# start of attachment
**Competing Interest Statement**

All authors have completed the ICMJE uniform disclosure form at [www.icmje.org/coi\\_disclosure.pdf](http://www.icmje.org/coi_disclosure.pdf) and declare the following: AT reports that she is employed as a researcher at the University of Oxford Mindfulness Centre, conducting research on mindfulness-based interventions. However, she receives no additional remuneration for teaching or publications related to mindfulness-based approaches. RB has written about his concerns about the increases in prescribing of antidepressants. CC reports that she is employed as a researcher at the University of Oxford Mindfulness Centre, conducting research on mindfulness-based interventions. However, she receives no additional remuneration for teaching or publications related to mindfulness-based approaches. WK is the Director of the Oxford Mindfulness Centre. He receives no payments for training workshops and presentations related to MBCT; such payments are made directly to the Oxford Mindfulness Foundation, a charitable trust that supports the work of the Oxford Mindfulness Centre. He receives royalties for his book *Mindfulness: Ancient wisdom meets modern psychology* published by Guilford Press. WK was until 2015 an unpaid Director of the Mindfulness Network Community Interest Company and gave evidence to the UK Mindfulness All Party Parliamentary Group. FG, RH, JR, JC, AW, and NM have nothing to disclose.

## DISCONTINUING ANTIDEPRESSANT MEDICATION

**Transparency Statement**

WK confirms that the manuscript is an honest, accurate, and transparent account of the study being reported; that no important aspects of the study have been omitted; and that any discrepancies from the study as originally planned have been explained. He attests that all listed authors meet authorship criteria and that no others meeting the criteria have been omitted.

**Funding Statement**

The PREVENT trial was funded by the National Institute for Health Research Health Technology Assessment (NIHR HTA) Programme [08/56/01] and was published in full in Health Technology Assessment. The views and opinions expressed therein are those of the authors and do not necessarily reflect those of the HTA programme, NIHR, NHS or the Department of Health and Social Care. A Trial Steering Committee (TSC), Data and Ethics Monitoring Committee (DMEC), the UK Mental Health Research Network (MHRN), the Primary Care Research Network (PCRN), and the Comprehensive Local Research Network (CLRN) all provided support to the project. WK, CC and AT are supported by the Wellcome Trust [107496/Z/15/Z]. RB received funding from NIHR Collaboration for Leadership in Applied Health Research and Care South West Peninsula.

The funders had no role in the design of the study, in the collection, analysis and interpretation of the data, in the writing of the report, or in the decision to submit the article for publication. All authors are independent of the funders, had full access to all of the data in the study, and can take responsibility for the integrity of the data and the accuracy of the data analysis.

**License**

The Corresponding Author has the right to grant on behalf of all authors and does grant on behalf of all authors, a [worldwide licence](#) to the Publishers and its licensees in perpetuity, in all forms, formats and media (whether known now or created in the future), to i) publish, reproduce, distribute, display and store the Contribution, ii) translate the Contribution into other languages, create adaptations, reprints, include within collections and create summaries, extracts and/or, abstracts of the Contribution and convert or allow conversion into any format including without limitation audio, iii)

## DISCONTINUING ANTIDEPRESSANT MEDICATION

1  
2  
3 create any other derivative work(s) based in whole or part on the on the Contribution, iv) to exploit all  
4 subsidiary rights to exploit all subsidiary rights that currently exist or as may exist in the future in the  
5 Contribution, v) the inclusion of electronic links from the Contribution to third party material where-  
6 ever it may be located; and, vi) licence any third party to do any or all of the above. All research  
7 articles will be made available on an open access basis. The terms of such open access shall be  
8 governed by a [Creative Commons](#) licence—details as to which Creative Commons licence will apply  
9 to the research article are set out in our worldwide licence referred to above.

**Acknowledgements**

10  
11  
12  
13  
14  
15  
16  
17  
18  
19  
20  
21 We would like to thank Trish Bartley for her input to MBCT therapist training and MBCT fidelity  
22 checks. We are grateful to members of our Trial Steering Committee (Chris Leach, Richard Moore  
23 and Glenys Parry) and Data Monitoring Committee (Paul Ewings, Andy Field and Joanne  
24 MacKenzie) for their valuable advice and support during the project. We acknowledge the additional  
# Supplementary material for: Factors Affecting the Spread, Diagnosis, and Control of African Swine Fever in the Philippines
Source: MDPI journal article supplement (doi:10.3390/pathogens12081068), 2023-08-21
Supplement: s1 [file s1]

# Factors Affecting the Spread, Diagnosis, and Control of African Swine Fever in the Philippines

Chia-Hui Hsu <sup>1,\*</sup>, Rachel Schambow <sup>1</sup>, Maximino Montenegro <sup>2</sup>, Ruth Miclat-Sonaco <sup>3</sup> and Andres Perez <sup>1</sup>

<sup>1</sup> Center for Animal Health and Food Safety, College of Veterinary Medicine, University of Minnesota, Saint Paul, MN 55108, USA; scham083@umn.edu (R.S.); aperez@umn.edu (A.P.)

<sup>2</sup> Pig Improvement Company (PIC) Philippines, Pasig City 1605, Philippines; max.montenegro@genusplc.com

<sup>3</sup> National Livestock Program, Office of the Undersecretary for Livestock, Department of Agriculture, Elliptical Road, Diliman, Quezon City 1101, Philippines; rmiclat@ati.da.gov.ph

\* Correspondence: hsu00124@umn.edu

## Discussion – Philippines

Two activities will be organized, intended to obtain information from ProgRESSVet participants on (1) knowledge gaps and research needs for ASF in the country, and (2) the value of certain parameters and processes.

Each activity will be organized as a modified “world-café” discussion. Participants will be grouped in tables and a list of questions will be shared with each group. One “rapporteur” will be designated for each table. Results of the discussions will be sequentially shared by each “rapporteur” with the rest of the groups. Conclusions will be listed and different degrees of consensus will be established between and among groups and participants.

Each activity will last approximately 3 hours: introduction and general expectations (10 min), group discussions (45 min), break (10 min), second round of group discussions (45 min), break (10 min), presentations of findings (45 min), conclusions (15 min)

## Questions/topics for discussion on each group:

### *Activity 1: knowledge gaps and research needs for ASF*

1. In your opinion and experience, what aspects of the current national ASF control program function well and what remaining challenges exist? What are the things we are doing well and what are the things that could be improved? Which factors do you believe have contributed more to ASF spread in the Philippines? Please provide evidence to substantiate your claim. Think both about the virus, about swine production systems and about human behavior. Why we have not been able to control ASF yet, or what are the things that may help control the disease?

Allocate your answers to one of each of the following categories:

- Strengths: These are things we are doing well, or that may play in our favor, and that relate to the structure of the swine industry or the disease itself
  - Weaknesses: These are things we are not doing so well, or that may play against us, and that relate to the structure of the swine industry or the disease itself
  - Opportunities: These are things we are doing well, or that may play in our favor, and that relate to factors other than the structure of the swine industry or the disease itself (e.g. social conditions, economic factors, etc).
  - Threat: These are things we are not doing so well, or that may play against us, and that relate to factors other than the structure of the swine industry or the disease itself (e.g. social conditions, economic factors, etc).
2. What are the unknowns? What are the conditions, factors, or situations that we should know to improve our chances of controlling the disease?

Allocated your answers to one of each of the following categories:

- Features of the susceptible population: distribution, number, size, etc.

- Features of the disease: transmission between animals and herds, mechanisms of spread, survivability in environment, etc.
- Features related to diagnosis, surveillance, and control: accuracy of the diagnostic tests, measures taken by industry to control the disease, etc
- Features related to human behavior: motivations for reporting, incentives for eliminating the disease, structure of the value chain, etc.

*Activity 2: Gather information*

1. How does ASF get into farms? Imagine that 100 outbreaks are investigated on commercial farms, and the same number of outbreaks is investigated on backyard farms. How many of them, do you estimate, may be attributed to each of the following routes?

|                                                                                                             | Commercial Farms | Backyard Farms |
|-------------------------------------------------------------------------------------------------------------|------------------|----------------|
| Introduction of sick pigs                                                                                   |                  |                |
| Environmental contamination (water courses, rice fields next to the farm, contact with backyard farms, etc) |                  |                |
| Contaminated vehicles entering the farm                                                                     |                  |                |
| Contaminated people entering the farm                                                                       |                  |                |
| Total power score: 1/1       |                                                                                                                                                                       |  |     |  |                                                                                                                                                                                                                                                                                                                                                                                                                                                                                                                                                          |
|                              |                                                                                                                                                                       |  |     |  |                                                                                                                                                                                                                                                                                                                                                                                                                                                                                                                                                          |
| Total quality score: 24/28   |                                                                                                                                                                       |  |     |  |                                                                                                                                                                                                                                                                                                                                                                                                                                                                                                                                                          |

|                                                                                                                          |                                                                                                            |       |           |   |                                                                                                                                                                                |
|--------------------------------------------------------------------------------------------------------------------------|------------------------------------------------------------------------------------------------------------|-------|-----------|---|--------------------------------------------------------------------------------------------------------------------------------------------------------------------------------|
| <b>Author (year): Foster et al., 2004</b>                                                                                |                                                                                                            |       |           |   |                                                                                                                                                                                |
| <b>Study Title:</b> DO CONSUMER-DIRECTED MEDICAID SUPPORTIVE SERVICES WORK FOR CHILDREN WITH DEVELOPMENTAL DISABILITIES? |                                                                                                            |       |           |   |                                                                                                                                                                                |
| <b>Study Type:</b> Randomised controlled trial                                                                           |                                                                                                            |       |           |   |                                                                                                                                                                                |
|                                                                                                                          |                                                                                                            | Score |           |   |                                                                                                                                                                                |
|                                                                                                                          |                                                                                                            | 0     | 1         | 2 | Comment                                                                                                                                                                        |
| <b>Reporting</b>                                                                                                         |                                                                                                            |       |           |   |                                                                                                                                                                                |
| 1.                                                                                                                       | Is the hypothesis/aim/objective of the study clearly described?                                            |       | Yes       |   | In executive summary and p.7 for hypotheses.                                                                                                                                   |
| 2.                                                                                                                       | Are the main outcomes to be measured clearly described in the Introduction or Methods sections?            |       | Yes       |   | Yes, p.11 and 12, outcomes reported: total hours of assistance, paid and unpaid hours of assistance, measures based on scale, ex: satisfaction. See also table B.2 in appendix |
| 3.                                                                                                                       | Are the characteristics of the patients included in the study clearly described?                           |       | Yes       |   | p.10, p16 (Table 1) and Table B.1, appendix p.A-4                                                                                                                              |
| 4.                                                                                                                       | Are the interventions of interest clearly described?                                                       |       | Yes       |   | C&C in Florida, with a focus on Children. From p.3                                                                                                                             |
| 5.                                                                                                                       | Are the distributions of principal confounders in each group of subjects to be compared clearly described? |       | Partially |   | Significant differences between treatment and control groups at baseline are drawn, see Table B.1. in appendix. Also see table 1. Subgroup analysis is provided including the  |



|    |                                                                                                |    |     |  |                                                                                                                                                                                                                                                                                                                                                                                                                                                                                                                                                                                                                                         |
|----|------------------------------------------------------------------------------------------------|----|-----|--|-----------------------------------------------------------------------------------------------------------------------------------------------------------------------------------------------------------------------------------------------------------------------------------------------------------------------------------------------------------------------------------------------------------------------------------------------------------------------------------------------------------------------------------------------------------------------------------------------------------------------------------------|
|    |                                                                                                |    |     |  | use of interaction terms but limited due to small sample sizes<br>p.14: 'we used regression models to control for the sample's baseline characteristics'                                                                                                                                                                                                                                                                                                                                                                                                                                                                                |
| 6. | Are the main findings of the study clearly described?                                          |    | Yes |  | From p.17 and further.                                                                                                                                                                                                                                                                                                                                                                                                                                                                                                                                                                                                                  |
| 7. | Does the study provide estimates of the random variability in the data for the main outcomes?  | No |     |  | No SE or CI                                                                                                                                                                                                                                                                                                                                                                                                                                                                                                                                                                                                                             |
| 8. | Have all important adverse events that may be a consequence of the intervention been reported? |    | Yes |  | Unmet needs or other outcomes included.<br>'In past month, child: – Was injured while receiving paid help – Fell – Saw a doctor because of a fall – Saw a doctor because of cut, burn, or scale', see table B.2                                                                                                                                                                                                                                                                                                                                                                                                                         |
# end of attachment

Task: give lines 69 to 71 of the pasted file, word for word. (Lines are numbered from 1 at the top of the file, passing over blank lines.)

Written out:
| Environmental contamination (water courses, rice fields next to the farm, contact with backyard farms, etc) |                  |                |
| Contaminated vehicles entering the farm                                                                     |                  |                |
| Contaminated people entering the farm                                                                       |                  |                |